Baker & McKenzie
In essence, the main purpose of any M&A transaction is not only the transfer of title to an asset, but the allocation of risks associated with the acquired asset between the seller and the buyer. Various legal tools have been developed throughout the long history of international M&A transactions to properly allocate such risks: the due diligence investigation of target companies, warranties and indemnities, disclosure letters, purchase price adjustments, escrow accounts, etc. Although these risk allocation mechanisms are common practice in foreign jurisdictions, they are not developed in Russian law. Traditionally, most M&A deals involving Russian assets are done under English law. The laws of other jurisdictions, such as New York or Dutch law, also serve as alternatives, albeit less common.
Over the last several years, the number of deals done under Russian law has increased. Russian law is used mainly for smaller deals, when the buyer has an appetite for risks relating to the target. In these cases, the focus is more on transferring title rather than allocating risks in transaction documents. Russian law is also used for local deals when both parties are Russian entities and the use of foreign law is simply not possible.
Also, Russian parties with experience in international transactions more often expect their lawyers to find Russian law equivalents for traditional risk allocation mechanisms and, to the extent possible, implement them in Russian law-governed transaction documents. These "equivalents" in Russian law were not initially designed for M&A transactions and their enforceability in the context of an M&A deal is questionable. However, this willingness of local market players to adjust Russian M&A transaction practices to international standards will hopefully have a positive impact on the further development of Russian law and court practice in this area.
Certain steps have already been taken to introduce basic international M&A legal concepts into Russian law. Shareholders agreements were introduced into Russian corporate law a couple years ago. This was done in an effort to legalize shareholders agreements after Russian courts ruled in several cases that foreign law-governed shareholders agreements relating to Russian companies were invalid. Yet, since the concept of a shareholders agreement itself is relatively new and has no comprehensive and stable court practice, most foreign investors still prefer foreign law to govern their Russian business relationships. At the moment, Russian law does not make it clear if a shareholders agreement for a Russian company can be governed by foreign law and be subject to international arbitration. As a result, M&A deals are commonly structured by foreign investors in order to use a non-Russian company as the main corporate vehicle with respect to which its shareholders will enter into a shareholders agreement governed by non-Russian law. For tax reasons, the most common jurisdictions for the incorporation of such a non-Russian corporate vehicle are the Netherlands and Cyprus.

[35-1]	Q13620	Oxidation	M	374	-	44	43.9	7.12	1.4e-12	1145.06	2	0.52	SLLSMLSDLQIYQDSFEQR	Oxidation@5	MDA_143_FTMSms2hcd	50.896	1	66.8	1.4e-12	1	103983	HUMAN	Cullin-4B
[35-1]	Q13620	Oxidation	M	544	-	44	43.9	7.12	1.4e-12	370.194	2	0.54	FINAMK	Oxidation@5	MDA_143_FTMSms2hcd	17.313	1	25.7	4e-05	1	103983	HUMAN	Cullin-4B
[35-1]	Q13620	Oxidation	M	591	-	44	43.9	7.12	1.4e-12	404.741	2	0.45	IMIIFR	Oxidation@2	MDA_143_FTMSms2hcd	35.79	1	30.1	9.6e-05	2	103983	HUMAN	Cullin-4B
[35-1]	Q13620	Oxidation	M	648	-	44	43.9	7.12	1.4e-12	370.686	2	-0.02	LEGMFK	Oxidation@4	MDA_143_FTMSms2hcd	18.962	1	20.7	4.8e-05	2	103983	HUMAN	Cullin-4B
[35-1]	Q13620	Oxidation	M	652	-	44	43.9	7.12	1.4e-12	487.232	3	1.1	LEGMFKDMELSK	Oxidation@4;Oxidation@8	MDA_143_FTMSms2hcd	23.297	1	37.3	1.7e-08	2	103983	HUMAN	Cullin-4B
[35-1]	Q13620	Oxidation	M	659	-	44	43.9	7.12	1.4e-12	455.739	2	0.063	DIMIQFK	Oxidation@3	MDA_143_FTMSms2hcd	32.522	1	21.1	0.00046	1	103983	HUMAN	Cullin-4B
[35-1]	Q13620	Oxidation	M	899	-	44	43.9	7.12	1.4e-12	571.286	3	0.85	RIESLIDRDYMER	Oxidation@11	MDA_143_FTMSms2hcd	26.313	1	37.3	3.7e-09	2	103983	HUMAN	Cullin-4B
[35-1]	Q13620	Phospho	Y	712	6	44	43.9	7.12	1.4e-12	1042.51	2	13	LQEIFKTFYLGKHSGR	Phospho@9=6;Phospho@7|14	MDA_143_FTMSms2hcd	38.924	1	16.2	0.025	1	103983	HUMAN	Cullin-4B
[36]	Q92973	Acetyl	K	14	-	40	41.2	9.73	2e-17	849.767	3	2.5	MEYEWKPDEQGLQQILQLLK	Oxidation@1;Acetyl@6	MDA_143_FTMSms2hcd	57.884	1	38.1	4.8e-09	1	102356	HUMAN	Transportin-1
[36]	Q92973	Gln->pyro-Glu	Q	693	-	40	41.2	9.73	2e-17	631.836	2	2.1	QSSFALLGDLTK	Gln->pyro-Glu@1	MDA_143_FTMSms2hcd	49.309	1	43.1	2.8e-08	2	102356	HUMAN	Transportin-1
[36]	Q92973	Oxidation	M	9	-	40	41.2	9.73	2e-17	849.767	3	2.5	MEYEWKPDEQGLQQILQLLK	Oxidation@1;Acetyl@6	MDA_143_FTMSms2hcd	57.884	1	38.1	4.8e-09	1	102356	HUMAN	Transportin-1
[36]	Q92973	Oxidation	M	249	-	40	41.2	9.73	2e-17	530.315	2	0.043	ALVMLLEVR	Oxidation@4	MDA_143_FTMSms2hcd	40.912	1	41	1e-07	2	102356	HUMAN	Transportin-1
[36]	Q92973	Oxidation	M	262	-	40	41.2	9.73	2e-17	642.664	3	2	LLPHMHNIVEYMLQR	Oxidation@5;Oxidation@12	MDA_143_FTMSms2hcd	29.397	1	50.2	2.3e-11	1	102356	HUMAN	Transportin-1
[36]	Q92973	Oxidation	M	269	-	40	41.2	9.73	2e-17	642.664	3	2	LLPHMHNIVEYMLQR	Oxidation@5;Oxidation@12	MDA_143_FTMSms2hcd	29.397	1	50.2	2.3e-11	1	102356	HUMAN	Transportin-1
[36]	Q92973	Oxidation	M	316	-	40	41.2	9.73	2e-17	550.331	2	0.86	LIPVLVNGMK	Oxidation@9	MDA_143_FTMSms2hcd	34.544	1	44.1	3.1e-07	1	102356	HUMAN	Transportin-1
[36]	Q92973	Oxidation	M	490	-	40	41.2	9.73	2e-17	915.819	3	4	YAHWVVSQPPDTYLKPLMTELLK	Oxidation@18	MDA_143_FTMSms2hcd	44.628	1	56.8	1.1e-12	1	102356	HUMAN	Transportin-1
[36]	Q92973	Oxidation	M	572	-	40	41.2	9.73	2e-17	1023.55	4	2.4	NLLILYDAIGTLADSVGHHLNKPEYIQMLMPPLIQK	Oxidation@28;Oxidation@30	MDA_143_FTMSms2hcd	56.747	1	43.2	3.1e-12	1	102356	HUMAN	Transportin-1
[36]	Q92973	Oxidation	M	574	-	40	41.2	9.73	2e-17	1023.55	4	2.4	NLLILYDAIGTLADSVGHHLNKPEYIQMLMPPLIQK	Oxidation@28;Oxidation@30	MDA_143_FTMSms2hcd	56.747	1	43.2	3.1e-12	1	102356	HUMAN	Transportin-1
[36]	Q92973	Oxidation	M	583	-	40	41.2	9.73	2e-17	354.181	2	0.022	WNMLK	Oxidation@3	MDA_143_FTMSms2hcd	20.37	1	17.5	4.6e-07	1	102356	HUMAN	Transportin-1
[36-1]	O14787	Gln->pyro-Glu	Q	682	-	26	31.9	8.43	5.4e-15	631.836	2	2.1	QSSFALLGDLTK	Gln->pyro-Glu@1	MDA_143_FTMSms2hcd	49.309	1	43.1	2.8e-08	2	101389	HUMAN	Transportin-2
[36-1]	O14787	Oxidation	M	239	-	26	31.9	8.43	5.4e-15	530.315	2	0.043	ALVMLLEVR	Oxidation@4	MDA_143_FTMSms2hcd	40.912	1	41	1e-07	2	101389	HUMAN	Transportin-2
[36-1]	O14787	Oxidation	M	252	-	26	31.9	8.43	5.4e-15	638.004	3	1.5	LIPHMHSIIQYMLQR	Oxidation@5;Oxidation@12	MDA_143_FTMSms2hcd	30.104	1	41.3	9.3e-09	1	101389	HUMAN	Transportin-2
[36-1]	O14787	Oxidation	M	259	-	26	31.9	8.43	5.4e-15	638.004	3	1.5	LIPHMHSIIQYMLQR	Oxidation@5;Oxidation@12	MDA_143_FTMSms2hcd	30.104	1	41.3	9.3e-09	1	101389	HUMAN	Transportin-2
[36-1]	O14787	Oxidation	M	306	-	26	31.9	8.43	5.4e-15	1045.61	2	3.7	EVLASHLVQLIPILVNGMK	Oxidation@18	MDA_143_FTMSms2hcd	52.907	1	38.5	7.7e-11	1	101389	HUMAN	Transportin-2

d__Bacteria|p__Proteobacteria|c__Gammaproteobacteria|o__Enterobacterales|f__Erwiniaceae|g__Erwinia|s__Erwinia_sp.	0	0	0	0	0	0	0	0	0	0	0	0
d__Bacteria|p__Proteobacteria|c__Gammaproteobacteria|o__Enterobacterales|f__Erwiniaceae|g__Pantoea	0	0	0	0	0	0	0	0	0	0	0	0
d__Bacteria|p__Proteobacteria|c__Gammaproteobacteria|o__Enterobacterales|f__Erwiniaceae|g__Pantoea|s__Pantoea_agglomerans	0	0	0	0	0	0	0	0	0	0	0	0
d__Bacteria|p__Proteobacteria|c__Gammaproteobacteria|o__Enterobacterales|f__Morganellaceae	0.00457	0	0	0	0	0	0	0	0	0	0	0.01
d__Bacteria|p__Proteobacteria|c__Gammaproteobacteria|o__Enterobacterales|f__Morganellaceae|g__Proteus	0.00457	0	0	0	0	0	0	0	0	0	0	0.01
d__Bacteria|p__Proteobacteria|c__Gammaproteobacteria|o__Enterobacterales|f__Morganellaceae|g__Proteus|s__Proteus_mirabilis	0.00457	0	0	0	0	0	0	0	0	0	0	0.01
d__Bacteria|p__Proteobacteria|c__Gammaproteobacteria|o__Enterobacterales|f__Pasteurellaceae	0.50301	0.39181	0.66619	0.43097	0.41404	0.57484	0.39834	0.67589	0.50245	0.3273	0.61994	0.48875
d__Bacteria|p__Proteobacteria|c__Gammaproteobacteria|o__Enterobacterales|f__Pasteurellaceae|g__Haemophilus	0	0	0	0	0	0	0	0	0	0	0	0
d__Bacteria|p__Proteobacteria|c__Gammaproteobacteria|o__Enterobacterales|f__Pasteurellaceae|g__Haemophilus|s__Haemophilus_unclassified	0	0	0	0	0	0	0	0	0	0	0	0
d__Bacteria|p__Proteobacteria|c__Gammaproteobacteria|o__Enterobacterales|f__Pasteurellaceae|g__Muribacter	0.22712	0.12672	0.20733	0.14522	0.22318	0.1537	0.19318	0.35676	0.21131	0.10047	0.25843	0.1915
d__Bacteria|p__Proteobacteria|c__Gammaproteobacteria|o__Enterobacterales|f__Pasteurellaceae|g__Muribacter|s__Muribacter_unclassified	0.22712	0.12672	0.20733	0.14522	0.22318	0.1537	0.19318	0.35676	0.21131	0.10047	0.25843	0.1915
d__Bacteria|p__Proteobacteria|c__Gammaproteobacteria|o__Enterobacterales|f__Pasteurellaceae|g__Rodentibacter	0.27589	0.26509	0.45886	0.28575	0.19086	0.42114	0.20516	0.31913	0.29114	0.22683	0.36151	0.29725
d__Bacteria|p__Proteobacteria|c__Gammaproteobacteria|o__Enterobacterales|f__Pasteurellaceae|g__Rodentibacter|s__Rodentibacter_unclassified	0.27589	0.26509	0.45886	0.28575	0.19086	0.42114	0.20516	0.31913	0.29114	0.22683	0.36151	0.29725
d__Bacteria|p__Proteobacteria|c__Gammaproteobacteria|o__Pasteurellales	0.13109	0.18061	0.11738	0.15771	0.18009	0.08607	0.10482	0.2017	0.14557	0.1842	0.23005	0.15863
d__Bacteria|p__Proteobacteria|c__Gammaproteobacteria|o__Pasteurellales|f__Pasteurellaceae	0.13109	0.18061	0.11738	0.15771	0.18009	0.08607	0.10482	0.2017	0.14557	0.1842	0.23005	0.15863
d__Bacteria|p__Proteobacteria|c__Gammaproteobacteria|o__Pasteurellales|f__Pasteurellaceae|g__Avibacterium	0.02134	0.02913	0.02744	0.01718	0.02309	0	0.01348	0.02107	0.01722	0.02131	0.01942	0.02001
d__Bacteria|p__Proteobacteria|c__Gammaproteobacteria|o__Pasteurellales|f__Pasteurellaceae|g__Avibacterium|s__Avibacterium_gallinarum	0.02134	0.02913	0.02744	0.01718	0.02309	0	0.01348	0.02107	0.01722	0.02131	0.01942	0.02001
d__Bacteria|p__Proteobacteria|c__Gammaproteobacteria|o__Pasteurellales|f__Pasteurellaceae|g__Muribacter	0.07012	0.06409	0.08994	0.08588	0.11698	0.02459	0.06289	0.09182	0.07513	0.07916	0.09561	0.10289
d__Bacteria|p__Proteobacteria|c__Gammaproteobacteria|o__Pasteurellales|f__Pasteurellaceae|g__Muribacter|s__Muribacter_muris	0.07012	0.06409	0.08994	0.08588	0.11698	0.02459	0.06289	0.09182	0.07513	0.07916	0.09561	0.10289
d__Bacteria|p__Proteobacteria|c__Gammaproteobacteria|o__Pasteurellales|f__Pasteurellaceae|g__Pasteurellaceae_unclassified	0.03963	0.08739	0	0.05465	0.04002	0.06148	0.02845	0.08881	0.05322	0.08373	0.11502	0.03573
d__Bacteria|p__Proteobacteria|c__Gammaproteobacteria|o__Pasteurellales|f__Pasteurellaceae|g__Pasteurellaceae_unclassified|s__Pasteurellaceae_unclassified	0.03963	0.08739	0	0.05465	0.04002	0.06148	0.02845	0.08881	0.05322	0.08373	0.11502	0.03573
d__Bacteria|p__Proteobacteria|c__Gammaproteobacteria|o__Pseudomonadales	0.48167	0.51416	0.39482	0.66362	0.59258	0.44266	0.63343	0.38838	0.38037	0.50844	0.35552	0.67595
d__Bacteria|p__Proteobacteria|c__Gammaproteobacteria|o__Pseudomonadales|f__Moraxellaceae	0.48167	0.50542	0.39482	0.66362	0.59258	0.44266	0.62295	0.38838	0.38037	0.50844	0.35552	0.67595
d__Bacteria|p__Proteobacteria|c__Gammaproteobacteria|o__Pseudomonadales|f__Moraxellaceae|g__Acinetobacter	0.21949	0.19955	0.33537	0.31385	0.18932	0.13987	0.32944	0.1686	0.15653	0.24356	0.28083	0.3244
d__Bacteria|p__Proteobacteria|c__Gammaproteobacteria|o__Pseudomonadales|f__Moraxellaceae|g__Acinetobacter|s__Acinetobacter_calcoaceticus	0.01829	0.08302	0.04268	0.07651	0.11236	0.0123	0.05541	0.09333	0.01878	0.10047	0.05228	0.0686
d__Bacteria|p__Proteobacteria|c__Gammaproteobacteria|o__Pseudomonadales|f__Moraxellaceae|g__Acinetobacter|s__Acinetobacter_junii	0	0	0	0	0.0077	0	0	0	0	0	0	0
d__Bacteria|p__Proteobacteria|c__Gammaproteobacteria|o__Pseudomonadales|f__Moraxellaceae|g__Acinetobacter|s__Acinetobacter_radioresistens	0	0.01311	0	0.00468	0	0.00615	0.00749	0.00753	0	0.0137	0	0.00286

The concept of shareholders agreements is expected to be further developed in the new Russian Civil Code. Various amendments to the Civil Code that were proposed by the Russian Government in 2012 are currently under consideration by the Russian Parliament. They contain provisions on a "corporate agreement," a concept aimed at creating a consolidated legal framework for agreements between shareholders of the two most common Russian corporate entities — limited liability companies and joint stock companies. The introduction of this concept into the Civil Code may serve as the basis for a consistent approach to shareholders agreements by Russian courts. The current lack of stable court practice deters foreign investors from structuring joint ventures with Russian partners on the basis of Russian companies.
Changes in the scope and focus of pre-acquisition due diligence reviews are also quite noteworthy. Traditionally, foreign investors have given special attention to careful due diligence investigations of Russian targets, particularly with respect to tax liabilities. Over the last few years, there has also been a strong focus on corruption and issues with compliance. For most foreign investors, it is crucial to determine whether the target has been involved in any practices that go against local or Western anti-corruption legislation (the FCPA in the United States and POCA in the UK), such as bribes, kick-backs, tax evasion, or illicit cash payments to employees. If the target has been involved in such practices, it may seriously impact plans for acquisition. It is generally advisable to retain lawyers and other advisers to investigate these issues at a very early stage of the transaction.